prevent hyperextension of toe
FOOT INJURIES
• INGROWN TOENAILS
• Cause: leading side of toenail grows into skin,
usually results in infection and pain
• May trim nails too short or ill-fitting shoes
• S/S: Inflammed nail bed, may have
drainage/pus
• Tx: May need to refer to doctor; soak in
betadine bath; pack cotton under toenail
PUBLIC SERVICE ANNOUNCEMENT
• HIGH HEELS
• Loads 5 times your body weight onto your heel
• Overloads forefoot
• Deforms the arch
•
•
Reduces shock absorption
Plantar fasciitis
•
Morton’s Neuroma
•
Achilles tendinitis
•
Have to extend back to compensate
• Leads to inflamed nerves in your toes
• Shortens your calf
• Changes your center of gravity – more forward
BIOMECHANICAL PROBLEMS
• PRONATION
• Cause of many, many
leg, knee, back
problems
• What does it look like
• Fallen arch with toes
pointed outward
• Looking at feet from
behind, the Achilles will
angle outward
ANKLE SPRAINS
• Review: 3 Degrees of Sprains
• Abnormal (too much) motion causes ankle
injuries
• Named for motions that cause them
• What are those motions?
TYPES OF ANKLE SPRAINS
• Inversion
• Most common type of ankle sprain
• Accounts for 80% of all sprains
• AKA ‘a lateral ankle sprain’
• First degree sprain
• Only involves the anterior talofibular ligament
• Mild pain, tenderness, and swelling
• No instability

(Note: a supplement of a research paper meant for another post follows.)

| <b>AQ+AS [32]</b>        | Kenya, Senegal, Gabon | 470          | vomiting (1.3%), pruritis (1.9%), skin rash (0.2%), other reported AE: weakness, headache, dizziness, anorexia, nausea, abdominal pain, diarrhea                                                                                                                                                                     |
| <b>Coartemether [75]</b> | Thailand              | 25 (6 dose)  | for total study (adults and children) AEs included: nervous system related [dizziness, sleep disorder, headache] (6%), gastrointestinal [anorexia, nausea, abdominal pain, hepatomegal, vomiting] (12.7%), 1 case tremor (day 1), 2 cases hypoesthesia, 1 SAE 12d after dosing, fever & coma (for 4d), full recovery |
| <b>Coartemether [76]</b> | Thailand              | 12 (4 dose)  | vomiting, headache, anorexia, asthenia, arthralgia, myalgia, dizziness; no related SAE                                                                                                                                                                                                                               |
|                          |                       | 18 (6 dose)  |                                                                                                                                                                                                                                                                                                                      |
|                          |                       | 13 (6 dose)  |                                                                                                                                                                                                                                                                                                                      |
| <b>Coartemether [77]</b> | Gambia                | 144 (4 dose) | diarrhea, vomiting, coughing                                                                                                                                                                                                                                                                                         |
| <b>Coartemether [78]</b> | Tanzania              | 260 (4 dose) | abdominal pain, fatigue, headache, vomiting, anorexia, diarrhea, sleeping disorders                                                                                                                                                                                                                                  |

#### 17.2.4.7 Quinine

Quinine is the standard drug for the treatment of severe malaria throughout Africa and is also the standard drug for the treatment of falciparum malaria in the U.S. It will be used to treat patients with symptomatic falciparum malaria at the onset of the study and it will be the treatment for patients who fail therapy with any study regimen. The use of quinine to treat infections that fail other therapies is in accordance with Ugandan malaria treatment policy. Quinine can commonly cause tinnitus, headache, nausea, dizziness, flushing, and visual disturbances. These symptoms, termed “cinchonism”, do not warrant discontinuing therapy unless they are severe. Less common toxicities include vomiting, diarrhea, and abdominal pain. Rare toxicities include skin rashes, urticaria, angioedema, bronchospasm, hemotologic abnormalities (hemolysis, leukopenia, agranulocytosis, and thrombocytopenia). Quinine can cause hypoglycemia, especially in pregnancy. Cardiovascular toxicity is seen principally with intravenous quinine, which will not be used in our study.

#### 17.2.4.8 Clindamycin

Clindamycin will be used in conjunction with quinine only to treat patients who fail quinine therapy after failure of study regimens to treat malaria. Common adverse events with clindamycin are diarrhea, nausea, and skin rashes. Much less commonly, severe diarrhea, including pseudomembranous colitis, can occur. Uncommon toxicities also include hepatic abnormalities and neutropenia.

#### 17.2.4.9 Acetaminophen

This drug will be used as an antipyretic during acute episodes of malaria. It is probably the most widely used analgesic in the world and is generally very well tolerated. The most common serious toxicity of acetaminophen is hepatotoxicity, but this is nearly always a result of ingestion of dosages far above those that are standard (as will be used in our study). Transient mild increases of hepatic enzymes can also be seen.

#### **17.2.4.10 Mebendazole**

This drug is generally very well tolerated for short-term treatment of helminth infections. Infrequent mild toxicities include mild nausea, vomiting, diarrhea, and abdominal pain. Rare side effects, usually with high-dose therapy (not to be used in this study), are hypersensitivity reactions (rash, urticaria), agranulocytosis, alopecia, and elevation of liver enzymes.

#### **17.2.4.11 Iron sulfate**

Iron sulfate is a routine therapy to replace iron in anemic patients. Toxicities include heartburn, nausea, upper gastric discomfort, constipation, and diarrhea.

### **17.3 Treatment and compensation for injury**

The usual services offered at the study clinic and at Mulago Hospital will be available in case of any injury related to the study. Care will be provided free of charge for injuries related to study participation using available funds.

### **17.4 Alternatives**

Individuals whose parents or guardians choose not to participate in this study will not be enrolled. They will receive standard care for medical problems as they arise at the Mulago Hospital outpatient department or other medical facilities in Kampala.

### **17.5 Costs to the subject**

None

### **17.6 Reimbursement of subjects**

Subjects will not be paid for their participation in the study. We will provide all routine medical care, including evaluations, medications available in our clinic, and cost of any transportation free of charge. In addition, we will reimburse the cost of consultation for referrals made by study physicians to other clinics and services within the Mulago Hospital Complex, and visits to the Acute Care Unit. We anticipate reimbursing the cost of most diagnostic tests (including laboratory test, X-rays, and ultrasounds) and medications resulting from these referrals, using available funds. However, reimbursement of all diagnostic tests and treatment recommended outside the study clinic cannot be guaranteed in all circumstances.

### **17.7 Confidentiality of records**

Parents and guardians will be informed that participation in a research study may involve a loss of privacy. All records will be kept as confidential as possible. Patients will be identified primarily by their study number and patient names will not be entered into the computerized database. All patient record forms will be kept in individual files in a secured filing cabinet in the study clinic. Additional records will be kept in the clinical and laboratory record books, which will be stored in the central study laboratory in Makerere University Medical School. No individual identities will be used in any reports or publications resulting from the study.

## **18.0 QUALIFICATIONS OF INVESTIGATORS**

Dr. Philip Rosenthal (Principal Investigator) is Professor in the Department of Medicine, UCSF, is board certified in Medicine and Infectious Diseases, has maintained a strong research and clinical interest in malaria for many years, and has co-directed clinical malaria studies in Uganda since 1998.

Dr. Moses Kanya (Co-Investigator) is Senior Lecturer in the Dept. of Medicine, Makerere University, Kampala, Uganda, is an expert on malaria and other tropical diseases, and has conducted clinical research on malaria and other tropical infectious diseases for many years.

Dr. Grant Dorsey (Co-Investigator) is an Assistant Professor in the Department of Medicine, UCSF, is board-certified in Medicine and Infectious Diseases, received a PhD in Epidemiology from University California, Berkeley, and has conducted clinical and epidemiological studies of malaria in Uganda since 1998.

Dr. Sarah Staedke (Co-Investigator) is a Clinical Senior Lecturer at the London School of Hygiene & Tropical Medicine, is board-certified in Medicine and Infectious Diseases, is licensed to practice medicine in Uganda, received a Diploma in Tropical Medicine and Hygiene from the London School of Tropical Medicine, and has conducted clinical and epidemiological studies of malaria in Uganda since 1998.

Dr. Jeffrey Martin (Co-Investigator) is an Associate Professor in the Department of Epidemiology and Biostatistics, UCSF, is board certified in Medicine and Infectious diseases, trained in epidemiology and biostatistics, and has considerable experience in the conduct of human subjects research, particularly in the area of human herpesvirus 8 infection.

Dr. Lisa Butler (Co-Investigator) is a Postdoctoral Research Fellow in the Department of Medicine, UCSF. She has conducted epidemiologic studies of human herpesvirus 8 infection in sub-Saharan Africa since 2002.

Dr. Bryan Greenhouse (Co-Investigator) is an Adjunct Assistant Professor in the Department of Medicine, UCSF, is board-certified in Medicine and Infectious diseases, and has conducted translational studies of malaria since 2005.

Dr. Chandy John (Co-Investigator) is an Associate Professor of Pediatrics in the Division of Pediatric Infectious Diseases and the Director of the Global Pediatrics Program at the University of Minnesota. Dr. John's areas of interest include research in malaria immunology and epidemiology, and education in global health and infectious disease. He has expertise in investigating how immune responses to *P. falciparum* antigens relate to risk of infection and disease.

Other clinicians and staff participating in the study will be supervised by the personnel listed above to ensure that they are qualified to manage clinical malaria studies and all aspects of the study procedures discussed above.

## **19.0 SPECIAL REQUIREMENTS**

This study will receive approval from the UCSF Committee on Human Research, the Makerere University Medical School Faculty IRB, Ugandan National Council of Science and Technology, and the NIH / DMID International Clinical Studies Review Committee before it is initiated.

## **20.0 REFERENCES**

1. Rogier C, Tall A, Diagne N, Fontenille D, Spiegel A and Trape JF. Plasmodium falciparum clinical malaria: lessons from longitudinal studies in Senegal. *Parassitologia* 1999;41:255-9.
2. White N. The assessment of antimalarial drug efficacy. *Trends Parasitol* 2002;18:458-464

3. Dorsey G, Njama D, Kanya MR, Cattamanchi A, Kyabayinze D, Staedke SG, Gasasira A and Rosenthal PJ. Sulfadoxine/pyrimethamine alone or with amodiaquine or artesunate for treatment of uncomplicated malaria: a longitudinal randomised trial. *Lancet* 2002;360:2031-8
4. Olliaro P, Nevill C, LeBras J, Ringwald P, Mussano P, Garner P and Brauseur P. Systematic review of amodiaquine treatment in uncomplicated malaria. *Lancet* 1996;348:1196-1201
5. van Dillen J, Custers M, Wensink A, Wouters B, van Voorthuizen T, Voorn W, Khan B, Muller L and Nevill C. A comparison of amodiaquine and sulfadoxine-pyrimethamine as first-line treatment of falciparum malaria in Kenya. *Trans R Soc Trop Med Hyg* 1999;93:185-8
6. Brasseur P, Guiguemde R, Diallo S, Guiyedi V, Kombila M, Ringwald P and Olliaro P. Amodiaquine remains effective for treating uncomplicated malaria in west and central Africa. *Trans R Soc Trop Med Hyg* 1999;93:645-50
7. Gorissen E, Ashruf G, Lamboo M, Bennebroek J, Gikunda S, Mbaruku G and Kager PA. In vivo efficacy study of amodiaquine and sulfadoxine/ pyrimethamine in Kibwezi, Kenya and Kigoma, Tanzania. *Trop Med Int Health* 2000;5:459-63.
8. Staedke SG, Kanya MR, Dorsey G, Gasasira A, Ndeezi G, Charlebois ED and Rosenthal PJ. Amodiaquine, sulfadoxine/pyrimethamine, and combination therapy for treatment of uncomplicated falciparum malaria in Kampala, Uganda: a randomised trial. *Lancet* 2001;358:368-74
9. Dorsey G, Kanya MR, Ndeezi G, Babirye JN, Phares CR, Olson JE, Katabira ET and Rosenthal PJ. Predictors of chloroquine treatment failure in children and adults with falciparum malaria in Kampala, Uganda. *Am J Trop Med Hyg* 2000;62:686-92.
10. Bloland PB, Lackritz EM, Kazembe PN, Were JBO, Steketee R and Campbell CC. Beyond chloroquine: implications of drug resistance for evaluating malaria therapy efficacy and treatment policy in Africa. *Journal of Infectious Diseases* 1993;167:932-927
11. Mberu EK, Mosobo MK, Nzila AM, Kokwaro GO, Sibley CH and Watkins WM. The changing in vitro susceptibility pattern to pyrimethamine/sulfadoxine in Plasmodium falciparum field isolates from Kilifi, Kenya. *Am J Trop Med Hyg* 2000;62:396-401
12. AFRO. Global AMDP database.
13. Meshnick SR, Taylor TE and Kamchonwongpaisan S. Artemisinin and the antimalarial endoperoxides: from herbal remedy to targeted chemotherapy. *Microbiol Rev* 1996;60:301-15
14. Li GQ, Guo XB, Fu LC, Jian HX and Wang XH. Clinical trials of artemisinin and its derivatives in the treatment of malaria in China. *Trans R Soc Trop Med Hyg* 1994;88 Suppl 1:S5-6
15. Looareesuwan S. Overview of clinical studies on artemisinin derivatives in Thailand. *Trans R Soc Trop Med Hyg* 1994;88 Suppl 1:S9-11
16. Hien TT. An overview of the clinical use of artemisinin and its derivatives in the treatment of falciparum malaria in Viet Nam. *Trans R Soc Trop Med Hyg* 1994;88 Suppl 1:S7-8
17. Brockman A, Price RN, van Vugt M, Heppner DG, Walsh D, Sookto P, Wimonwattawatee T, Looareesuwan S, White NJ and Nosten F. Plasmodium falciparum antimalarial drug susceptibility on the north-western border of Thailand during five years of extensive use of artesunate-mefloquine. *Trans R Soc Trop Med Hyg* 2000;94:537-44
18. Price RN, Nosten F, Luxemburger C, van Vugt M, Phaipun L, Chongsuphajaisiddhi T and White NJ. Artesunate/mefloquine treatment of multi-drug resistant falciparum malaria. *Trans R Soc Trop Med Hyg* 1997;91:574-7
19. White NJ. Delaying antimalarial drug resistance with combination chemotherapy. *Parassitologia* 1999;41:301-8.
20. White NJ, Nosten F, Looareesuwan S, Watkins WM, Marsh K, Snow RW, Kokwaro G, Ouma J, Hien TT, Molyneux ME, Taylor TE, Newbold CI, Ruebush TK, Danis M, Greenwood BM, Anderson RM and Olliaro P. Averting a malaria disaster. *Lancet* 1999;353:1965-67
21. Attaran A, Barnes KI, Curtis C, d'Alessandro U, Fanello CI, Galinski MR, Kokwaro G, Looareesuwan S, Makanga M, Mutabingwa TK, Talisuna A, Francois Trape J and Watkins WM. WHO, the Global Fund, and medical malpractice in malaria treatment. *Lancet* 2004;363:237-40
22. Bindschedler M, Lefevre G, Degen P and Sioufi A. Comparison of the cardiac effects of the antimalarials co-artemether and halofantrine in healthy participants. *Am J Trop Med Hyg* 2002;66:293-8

TYPES OF ANKLE SPRAINS
• Inversion
• Second degree sprain
• Anterior talofibular ligament is torn and calcaneofibular
ligament is injured as well
• Most painful
• Moderate swelling
• Mild Instability
TYPES OF ANKLE SPRAINS
• Inversion
• Third degree sprain
• Complete tear of all three lateral ligaments
• Uncommon
• Lots of pain, but it can subside
• Very unstable
• Usually requires surgery
TESTING ATF STABILITY
• Drawer Test
• Stablize lower leg with one hand
• Pull heel forward (like opening a drawer)
• Should not move forward if ligament is
intact
TYPES OF ANKLE SPRAINS
• Eversion
• Not as common
• Can occur more on tartan surfaces and artificial turf
• Everything is worse (pain, swelling, etc) when
compared to an inversion injury
• If the deltoid tears, the tibiofibular ligaments may
tear also
High Ankle Sprain
• Involves Anterior Inferior Tibiofibular
(AITFL) Ligament
• Injury allows tibia and fibula to separate
High Ankle Sprain
• Cause: Inversion with rotation; rotation of foot
• S/S: pain with external rotation of foot; tender over
AITFL
• Treatment: RICE, may need to be immobilized;
possible surgery if severe enough
Treatment of Ankle Sprains
• Prevention – once you sprain an ankle it is easy to
do again – tape and rehab
• Rest – No activity for 24-48 hours
• Ice – 20 minutes on, 40 minutes off
• Compression – ace wrap with horseshoe
• Elevation – ankle above the heart
• Support – crutches and aircast if needed
Ankle Rehab
• ABCs
• Circles
• Theraband exercises
• Single Leg Balance
• Balance Board
• Calf Raises
• And so much more….
Ankle Fractures
• Always need to suspect a fracture when
evaluating a potential sprained ankle
• Cause: Too much motion
• S/S: immediate swelling, point tender over the
bone, does not want to weight bear
• Treatment: splint, ice, x-ray
Cast 6-8 weeks
The Lower Leg
ANATOMY
• Bones
• Tibia
• Fibula
MUSCLES
• The muscles are in four compartments
with 2-4 muscles in each compartment
• Compartments are held together by
fascia
MUSCLE COMPARTMENTS
1. LATERAL – everts the ankle
2. ANTERIOR – dorsiflexes the ankle